He remembers in particular the sense of pride and responsibility that Kenyon instilled in his players. “He wanted us to be tremendous ambassadors for the school. He wanted us to win and make Mount Royal and our community proud of us. He taught us to be role models for the high-school teams in the community.”  

Giving back to the community has been important to Shields.. As head coach of the men’s basketball team at the University of Victoria, Shields and his players partnered with the Saanich police force to sponsor a basketball-related community program for at-risk schools in the area. The police, University and athletes cooperated further for a Vikings' home game attendance competition for Saanich high schools and the production of a series of Vikings player cards featuring anti-delinquency themes. The player cards can still be found on eBay and are prized possessions for many of those former students. For this beloved and effective program, he won the Solicitor General Community Safety and Crime Prevention Award in 1983.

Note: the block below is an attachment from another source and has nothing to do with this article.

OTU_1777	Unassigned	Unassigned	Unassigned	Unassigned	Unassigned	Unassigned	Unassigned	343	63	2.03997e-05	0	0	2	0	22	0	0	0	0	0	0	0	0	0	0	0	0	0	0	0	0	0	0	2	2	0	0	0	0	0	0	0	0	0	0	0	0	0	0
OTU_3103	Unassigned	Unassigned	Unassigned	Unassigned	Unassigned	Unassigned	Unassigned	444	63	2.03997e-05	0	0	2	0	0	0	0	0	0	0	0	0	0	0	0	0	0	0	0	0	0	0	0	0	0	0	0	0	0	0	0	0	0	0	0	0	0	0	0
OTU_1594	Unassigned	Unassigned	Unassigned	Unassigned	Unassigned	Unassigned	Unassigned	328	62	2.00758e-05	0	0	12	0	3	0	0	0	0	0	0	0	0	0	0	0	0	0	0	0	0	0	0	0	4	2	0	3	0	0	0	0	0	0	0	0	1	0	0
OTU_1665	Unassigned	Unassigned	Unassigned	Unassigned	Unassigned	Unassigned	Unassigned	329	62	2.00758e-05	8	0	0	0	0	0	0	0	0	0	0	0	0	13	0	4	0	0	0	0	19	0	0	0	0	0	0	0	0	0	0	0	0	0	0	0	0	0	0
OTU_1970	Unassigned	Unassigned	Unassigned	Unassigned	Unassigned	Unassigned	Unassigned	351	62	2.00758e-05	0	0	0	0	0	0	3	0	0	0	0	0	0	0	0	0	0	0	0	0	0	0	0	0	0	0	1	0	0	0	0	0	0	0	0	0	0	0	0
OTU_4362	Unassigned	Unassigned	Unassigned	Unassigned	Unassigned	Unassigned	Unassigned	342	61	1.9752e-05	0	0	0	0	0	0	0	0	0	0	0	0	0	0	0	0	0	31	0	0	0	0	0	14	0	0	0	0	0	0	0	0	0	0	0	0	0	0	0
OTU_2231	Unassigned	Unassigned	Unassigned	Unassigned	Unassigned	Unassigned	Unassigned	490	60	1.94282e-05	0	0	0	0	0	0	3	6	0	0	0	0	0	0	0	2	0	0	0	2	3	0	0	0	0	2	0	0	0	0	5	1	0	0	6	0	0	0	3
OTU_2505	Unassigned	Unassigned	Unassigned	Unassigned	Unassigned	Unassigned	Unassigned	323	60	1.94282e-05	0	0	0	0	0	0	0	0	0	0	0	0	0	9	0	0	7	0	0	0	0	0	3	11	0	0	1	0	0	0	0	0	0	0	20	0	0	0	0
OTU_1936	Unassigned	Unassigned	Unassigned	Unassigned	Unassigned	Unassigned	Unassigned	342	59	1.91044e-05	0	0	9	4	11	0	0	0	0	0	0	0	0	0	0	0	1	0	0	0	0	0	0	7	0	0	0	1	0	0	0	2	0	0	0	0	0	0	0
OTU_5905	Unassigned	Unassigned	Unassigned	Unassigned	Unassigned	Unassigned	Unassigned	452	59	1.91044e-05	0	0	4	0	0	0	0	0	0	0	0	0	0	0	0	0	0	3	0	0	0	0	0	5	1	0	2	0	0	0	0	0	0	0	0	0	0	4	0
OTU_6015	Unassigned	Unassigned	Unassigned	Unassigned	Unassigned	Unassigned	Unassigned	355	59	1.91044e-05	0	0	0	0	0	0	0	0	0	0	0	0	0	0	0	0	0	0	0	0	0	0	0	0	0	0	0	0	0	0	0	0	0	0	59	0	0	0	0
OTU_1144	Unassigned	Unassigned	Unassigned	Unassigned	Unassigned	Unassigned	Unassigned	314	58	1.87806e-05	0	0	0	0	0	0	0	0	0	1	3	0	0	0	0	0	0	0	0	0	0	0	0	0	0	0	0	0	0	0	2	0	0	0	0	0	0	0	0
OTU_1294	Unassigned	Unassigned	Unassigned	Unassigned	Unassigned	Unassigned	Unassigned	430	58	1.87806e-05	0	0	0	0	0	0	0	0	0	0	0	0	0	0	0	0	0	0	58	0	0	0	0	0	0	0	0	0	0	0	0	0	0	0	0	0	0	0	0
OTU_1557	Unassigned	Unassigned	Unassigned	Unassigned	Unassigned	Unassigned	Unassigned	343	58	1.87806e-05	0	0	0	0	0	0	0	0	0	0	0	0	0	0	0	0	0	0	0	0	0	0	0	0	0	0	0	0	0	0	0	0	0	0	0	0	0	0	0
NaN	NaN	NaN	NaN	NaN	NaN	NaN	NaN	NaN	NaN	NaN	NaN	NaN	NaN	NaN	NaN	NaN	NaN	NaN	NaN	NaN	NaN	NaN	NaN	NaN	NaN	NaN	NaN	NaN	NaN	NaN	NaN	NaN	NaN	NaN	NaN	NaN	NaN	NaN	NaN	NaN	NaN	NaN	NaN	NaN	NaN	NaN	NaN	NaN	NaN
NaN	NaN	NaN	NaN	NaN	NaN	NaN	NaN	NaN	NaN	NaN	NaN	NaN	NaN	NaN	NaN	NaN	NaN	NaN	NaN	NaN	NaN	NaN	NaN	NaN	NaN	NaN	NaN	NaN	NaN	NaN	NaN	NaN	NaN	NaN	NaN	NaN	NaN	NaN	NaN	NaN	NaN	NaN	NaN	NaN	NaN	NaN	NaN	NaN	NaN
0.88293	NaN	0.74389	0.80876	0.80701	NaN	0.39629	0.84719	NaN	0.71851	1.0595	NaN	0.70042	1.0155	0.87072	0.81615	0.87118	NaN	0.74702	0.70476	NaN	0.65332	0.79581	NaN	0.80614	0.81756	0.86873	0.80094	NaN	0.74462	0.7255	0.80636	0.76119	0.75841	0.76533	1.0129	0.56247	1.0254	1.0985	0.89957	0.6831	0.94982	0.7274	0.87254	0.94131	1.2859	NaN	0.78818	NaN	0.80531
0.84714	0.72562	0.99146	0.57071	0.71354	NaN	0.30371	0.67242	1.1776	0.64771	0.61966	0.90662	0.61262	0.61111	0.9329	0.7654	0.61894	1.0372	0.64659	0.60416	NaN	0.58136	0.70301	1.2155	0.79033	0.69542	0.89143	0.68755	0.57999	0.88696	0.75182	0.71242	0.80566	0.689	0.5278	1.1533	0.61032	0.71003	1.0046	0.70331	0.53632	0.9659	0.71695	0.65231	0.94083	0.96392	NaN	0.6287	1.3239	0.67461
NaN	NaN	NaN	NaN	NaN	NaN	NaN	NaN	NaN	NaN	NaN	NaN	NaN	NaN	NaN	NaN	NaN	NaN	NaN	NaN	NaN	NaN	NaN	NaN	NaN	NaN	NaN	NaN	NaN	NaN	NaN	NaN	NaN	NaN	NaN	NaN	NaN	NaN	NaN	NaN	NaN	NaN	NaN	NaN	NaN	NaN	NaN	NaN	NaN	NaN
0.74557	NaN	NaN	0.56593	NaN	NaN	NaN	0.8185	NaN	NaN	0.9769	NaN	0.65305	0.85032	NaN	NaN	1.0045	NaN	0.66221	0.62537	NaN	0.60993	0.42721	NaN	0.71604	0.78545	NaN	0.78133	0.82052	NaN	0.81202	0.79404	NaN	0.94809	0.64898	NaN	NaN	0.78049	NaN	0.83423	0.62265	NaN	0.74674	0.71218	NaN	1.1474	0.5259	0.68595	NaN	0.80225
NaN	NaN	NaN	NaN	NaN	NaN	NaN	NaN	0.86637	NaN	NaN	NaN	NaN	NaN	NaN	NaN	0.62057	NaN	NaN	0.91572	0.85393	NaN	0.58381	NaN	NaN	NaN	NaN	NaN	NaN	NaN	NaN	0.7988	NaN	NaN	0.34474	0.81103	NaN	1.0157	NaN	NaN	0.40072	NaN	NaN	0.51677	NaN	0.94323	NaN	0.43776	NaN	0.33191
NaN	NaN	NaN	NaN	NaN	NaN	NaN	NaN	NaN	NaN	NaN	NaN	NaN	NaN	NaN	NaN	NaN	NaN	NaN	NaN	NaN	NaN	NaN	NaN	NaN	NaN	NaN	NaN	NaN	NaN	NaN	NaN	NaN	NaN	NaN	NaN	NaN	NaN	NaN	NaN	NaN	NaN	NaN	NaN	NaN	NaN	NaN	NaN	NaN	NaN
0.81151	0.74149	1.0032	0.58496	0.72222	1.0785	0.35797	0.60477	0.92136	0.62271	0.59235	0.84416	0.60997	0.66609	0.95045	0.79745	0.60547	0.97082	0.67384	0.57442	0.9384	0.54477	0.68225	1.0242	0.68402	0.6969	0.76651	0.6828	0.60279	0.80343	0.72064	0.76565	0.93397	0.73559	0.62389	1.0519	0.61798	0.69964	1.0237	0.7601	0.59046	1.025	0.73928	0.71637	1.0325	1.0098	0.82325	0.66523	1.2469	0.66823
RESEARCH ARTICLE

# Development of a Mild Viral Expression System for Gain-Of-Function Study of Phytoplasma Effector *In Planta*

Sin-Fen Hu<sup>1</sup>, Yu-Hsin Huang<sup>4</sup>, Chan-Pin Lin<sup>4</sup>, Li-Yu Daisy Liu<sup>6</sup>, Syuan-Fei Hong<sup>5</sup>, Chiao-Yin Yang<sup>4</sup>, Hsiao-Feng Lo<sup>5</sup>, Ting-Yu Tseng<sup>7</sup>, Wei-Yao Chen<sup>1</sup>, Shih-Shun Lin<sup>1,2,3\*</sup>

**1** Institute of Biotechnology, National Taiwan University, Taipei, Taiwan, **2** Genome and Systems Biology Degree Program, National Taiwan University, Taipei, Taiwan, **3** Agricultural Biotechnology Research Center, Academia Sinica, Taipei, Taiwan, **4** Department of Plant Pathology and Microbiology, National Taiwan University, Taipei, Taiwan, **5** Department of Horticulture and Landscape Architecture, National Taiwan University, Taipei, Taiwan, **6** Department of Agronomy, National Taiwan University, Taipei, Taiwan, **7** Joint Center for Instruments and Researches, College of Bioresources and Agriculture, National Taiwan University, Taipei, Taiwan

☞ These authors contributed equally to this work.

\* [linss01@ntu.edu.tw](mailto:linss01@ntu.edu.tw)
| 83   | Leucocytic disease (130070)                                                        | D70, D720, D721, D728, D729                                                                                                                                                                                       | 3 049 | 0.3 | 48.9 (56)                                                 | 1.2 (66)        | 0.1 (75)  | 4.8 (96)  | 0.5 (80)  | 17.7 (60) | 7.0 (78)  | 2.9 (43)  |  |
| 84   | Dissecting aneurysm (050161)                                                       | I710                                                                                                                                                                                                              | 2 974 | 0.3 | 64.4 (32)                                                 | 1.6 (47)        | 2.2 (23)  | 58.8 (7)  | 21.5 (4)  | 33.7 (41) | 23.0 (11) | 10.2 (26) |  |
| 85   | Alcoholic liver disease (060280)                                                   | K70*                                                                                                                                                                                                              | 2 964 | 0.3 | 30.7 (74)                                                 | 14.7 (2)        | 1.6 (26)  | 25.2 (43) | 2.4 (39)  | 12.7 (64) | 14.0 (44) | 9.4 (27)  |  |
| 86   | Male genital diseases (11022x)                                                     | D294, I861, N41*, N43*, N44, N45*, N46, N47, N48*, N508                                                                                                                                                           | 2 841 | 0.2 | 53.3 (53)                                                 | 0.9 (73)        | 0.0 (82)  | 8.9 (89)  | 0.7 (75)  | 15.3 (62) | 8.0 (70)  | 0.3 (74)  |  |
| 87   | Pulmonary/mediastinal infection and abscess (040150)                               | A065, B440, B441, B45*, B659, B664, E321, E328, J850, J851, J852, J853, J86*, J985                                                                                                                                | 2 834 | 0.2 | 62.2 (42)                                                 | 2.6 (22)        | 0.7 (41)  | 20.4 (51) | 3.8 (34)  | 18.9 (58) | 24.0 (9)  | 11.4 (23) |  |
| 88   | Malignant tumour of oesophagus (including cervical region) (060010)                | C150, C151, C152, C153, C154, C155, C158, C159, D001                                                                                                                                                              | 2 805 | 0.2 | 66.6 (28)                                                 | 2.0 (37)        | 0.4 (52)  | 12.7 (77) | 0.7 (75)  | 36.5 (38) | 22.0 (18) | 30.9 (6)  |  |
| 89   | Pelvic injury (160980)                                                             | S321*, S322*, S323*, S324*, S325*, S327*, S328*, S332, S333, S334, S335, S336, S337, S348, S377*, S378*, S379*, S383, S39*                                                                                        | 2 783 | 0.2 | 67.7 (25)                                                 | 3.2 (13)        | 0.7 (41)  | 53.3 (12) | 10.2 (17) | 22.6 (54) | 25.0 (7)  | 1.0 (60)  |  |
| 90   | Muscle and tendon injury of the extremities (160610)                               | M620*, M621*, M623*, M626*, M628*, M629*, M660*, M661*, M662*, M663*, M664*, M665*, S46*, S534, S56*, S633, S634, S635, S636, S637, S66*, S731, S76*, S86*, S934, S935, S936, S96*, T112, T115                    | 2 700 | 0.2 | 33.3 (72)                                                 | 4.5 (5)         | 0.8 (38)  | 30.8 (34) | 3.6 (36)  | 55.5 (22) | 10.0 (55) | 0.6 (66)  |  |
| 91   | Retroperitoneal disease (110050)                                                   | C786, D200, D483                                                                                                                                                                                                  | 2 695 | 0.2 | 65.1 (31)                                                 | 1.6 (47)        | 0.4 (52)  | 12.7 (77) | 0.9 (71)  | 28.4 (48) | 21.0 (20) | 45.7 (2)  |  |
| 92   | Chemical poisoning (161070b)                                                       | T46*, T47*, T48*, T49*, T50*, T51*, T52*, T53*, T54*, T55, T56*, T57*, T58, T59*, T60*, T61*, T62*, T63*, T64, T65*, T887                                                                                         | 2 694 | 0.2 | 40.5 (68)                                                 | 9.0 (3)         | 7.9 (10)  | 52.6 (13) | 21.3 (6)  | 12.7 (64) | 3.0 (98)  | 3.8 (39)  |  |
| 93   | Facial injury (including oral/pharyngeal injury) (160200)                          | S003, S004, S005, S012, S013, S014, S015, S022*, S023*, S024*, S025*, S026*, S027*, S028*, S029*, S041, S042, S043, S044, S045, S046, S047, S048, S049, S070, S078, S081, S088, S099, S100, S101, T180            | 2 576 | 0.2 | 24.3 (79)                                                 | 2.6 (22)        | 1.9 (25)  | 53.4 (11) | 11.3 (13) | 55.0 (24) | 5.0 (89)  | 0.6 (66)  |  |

While Shields’ time at Mount Royal goes way back, it’s been important to him to keep connected with Cougar Athletics, and is firm friends with former Athletics Director Ron Wuotila and current Athletics, and Recreation Director Karla Karch.

Shields feels it’s important to do well in all the communities that you are in — your residence, your discipline, your classroom, your team. The community that he has built through his many years of playing and of coaching college athletes has endured throughout his long life. He states that Coach Kenyon had a tremendous impact on him in this regard; his relationships with his players are lifelong and special.  


 

Savannah Blakley 

Nominee, 2020 Alumni Achievement Awards
Advanced Athletic Therapy Certificate


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As a successful athletic therapist, Savannah Blakley has left her mark on the Okotoks sports community.


Savannah Blakley is an athletic therapist, business owner and mentor. In 2019, she added another title to her accomplishments: hero.

Canadian baseball writer and Hall of Famer Bob Elliott was speaking at the Okotoks Dawgs baseball banquet when he collapsed. Blakley, along with others at the event, relied on what she learned through her training at Mount Royal and helped save his life. “As an athletic therapist, we are trained to deal with these situations,” Blakley says. “However you never truly appreciate the skills you have or think you may have to put them to use.”